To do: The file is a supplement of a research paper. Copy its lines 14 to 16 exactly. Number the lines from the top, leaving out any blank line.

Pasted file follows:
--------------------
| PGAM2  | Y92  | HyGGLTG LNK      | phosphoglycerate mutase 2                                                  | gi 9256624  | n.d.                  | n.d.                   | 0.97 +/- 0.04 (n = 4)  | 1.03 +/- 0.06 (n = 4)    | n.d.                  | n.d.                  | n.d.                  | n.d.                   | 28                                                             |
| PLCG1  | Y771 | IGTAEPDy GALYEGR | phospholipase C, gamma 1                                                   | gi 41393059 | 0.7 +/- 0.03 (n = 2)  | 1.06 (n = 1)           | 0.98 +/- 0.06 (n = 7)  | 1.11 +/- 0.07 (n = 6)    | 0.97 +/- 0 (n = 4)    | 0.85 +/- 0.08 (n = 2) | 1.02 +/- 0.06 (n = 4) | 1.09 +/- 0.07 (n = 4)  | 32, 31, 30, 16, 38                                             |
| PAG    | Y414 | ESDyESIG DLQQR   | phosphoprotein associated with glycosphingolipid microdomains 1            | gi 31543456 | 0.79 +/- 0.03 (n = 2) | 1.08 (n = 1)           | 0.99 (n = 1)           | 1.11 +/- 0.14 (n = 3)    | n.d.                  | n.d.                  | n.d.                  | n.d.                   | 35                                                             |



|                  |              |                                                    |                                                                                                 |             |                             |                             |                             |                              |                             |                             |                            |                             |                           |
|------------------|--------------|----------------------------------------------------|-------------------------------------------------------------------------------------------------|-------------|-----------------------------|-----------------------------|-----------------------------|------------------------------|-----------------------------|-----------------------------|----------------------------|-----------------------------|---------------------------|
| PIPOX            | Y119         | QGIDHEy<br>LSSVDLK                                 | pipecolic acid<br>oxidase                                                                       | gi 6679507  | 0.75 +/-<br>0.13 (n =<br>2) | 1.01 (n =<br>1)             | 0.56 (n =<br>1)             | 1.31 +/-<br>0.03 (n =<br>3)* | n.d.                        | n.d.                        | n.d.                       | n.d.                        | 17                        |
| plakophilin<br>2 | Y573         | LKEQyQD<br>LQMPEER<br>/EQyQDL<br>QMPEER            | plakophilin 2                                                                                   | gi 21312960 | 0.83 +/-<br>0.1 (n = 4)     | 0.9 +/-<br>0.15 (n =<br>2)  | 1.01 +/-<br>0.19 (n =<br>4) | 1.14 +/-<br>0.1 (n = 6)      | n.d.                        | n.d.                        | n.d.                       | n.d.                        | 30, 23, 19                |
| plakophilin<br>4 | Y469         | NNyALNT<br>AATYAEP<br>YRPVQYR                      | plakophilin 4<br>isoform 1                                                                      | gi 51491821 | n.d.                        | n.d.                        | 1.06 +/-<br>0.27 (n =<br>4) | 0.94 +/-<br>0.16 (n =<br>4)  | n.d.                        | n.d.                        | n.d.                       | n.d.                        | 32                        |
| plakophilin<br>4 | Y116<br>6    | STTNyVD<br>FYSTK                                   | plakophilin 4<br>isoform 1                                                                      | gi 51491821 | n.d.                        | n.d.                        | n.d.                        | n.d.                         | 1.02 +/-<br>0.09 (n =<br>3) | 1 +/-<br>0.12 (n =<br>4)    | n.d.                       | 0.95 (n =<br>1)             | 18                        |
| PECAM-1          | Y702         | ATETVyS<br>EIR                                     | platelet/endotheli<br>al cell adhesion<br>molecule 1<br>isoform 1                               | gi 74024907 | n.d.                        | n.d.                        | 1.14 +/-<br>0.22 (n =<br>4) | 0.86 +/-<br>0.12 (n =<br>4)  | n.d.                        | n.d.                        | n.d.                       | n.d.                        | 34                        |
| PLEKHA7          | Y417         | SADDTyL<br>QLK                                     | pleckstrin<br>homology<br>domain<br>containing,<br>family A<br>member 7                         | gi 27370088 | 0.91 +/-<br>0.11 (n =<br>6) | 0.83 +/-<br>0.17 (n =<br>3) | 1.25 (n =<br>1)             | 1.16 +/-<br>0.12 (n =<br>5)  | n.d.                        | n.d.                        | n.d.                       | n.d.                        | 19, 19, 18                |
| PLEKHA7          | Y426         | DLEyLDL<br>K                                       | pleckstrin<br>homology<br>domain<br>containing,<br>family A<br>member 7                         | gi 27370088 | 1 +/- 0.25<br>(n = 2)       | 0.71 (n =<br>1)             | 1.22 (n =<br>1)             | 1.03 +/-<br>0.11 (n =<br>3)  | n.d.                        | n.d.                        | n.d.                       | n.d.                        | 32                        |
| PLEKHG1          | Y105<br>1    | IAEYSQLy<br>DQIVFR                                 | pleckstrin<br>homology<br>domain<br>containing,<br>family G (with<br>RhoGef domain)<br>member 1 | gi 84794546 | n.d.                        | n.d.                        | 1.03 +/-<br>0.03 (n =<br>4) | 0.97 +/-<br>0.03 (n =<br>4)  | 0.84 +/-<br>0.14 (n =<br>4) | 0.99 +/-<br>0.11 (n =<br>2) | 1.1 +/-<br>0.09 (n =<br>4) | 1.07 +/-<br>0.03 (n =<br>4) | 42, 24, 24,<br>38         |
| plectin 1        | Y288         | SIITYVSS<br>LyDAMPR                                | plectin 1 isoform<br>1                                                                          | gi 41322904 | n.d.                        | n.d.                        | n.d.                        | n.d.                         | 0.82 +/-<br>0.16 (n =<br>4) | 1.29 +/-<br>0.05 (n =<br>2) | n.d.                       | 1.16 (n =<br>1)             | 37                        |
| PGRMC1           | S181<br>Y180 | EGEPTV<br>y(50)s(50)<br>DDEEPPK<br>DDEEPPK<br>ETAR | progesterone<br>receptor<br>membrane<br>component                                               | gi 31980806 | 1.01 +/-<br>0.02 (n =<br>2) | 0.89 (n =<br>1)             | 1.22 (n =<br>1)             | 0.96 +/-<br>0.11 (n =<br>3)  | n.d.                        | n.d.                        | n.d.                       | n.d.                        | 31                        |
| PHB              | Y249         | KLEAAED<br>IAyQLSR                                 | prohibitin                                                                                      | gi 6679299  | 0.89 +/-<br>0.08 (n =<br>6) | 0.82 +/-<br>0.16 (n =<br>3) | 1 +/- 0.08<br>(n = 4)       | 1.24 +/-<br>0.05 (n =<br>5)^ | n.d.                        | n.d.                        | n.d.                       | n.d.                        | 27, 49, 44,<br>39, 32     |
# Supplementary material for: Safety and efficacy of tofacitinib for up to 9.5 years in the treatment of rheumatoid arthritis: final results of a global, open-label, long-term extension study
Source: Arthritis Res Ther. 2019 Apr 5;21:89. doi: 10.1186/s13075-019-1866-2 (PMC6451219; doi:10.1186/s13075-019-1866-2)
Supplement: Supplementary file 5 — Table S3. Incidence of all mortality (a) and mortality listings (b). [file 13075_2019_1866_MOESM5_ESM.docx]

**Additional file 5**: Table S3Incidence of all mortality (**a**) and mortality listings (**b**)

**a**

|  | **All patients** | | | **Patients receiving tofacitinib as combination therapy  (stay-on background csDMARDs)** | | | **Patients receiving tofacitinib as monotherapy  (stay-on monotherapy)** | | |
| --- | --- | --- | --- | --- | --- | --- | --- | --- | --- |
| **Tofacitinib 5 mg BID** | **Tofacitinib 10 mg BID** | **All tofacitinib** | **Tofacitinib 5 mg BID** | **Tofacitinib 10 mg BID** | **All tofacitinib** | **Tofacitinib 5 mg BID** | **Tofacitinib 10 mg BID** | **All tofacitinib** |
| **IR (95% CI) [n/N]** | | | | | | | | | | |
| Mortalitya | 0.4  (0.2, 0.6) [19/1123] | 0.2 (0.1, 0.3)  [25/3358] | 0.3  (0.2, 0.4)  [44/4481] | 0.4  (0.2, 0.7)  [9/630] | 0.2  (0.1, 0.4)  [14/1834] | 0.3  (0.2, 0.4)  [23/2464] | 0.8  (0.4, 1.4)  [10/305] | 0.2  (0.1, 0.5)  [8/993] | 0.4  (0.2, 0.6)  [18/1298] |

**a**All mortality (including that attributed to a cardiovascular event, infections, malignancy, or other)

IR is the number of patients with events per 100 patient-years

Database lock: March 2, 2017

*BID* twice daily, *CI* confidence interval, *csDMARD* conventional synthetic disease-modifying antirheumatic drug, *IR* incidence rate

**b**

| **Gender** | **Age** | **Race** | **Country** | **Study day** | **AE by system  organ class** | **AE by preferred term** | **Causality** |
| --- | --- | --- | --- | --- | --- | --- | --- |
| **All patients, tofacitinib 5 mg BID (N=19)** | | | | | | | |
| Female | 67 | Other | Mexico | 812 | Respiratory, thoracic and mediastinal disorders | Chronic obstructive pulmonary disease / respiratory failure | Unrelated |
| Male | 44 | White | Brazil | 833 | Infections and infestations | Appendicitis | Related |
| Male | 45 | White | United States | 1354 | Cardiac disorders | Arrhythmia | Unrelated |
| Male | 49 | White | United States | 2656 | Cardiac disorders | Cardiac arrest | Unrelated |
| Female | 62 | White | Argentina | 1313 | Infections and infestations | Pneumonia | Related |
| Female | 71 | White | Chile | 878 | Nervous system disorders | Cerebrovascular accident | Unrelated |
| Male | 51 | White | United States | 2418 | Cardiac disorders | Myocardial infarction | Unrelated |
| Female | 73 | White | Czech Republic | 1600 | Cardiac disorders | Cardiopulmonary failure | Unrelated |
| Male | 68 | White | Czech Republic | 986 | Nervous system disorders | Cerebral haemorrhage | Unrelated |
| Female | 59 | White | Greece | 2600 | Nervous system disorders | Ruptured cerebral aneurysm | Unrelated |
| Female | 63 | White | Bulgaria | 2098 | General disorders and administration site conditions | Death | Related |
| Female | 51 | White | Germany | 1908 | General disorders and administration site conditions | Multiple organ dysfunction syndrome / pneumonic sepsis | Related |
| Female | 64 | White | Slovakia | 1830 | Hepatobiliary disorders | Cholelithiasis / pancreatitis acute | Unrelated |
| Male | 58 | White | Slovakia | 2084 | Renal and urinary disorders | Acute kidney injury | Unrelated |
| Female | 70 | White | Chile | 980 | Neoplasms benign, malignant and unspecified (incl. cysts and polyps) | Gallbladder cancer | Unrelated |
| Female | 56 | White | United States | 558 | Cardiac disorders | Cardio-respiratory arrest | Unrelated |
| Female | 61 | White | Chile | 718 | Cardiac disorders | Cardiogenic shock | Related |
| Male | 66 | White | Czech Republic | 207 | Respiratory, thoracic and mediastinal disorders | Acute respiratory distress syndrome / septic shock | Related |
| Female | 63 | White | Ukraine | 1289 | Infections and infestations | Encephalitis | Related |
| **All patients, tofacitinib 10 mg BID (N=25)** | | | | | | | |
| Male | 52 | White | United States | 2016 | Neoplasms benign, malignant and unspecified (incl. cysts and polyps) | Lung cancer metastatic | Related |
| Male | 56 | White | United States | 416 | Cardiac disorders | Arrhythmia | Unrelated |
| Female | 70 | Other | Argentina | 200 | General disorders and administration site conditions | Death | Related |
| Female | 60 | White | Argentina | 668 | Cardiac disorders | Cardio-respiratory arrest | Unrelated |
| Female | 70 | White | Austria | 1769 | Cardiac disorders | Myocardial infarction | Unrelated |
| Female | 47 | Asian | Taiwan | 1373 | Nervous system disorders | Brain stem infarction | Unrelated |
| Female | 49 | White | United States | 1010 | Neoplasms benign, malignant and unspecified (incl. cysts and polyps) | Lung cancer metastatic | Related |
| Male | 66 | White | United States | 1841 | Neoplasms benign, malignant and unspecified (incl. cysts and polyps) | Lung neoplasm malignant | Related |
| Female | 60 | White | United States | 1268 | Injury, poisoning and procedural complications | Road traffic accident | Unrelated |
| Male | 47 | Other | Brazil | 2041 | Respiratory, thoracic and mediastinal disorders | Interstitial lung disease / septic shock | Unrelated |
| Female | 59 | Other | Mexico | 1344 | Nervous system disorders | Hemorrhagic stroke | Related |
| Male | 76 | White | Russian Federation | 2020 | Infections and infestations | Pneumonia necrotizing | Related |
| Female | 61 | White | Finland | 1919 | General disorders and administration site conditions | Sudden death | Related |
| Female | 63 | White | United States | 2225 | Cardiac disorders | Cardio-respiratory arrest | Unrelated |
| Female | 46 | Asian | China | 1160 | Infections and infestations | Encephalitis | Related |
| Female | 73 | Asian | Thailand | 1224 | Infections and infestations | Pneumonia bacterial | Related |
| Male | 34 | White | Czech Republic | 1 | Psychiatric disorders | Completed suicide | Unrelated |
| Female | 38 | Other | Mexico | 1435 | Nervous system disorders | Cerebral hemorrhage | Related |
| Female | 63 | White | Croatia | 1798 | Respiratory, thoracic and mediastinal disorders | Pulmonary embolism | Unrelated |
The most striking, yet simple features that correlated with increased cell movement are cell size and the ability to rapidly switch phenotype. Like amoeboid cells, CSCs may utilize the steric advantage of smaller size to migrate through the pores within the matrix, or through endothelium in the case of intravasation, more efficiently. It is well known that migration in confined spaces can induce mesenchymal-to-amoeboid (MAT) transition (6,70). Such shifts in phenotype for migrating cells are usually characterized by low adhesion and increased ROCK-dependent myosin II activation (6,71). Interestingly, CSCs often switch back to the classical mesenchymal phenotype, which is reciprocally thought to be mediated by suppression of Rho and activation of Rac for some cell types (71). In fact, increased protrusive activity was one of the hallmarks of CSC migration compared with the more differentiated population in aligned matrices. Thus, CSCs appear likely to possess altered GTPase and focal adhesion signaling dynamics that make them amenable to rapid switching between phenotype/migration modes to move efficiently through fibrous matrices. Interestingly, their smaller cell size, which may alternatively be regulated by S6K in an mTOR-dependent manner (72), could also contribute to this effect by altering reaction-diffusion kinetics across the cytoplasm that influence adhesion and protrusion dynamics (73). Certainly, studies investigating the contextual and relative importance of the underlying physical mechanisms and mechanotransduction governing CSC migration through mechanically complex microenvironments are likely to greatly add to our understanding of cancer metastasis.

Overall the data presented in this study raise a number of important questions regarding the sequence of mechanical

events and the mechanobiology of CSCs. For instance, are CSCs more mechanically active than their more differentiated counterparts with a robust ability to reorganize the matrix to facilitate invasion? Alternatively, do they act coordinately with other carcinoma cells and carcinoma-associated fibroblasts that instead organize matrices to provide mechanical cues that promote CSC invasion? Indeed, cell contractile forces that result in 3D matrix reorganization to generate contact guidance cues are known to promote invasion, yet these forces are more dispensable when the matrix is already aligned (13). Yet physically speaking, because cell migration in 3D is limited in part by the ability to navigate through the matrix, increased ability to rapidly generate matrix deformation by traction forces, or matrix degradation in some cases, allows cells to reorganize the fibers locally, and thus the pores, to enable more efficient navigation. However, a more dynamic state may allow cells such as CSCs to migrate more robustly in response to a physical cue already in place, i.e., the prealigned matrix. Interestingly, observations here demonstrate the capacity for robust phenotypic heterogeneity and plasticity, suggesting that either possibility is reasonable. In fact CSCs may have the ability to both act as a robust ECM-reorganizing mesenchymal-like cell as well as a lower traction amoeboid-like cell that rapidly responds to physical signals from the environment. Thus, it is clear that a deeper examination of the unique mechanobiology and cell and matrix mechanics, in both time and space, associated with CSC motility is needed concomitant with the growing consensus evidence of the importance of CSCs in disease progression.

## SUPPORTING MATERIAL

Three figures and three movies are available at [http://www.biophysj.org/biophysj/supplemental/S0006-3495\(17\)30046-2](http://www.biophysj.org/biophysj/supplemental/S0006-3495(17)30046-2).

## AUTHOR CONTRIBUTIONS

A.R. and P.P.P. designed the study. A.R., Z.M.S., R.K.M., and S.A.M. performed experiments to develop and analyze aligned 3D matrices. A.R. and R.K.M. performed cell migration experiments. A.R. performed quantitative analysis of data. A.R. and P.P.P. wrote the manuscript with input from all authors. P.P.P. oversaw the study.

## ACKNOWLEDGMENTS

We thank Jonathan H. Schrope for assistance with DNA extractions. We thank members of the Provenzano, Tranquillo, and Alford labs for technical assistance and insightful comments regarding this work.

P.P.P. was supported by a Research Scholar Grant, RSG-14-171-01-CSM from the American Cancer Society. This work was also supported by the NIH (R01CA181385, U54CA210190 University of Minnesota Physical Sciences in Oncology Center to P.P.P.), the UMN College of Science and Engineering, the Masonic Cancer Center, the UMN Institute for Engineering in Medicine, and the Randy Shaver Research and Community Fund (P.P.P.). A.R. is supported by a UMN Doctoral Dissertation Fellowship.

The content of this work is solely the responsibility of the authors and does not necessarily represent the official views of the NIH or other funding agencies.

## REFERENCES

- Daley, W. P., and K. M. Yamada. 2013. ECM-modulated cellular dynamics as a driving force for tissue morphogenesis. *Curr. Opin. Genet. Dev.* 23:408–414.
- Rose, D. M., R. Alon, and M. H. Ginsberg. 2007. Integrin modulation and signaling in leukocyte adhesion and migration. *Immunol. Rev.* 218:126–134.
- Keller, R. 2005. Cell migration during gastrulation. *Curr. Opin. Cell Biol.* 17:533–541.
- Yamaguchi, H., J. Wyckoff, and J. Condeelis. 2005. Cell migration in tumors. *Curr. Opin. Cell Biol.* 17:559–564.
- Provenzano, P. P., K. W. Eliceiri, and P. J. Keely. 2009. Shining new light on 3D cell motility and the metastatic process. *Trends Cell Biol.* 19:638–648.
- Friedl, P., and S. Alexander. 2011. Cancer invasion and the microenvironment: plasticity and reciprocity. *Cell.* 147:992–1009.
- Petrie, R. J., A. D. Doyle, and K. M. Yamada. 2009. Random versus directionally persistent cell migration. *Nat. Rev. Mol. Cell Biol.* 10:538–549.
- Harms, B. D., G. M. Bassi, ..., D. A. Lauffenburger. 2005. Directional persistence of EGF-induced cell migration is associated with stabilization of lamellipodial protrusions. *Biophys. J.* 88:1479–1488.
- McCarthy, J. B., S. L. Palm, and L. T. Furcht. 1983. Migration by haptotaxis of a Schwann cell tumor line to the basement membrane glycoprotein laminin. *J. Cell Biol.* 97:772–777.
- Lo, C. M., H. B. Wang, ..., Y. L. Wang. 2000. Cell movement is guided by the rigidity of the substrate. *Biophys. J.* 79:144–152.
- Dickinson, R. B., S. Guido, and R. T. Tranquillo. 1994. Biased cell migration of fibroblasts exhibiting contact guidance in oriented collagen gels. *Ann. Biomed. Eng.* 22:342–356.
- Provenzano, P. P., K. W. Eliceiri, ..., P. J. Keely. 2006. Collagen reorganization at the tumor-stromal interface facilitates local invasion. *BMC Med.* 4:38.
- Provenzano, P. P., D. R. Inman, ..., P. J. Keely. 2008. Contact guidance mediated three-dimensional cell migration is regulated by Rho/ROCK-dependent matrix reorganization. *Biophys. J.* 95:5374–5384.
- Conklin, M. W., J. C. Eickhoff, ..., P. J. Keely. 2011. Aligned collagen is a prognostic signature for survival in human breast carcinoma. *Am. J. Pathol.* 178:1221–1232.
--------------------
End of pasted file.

| plectin 1        | Y288         | SIITYVSS<br>LyDAMPR                                | plectin 1 isoform<br>1                                                                          | gi 41322904 | n.d.                        | n.d.                        | n.d.                        | n.d.                         | 0.82 +/-<br>0.16 (n =<br>4) | 1.29 +/-<br>0.05 (n =<br>2) | n.d.                       | 1.16 (n =<br>1)             | 37                        |
| PGRMC1           | S181<br>Y180 | EGEPTV<br>y(50)s(50)<br>DDEEPPK<br>DDEEPPK<br>ETAR | progesterone<br>receptor<br>membrane<br>component                                               | gi 31980806 | 1.01 +/-<br>0.02 (n =<br>2) | 0.89 (n =<br>1)             | 1.22 (n =<br>1)             | 0.96 +/-<br>0.11 (n =<br>3)  | n.d.                        | n.d.                        | n.d.                       | n.d.                        | 31                        |
| PHB              | Y249         | KLEAAED<br>IAyQLSR                                 | prohibitin                                                                                      | gi 6679299  | 0.89 +/-<br>0.08 (n =<br>6) | 0.82 +/-<br>0.16 (n =<br>3) | 1 +/- 0.08<br>(n = 4)       | 1.24 +/-<br>0.05 (n =<br>5)^ | n.d.                        | n.d.                        | n.d.                       | n.d.                        | 27, 49, 44,<br>39, 32     |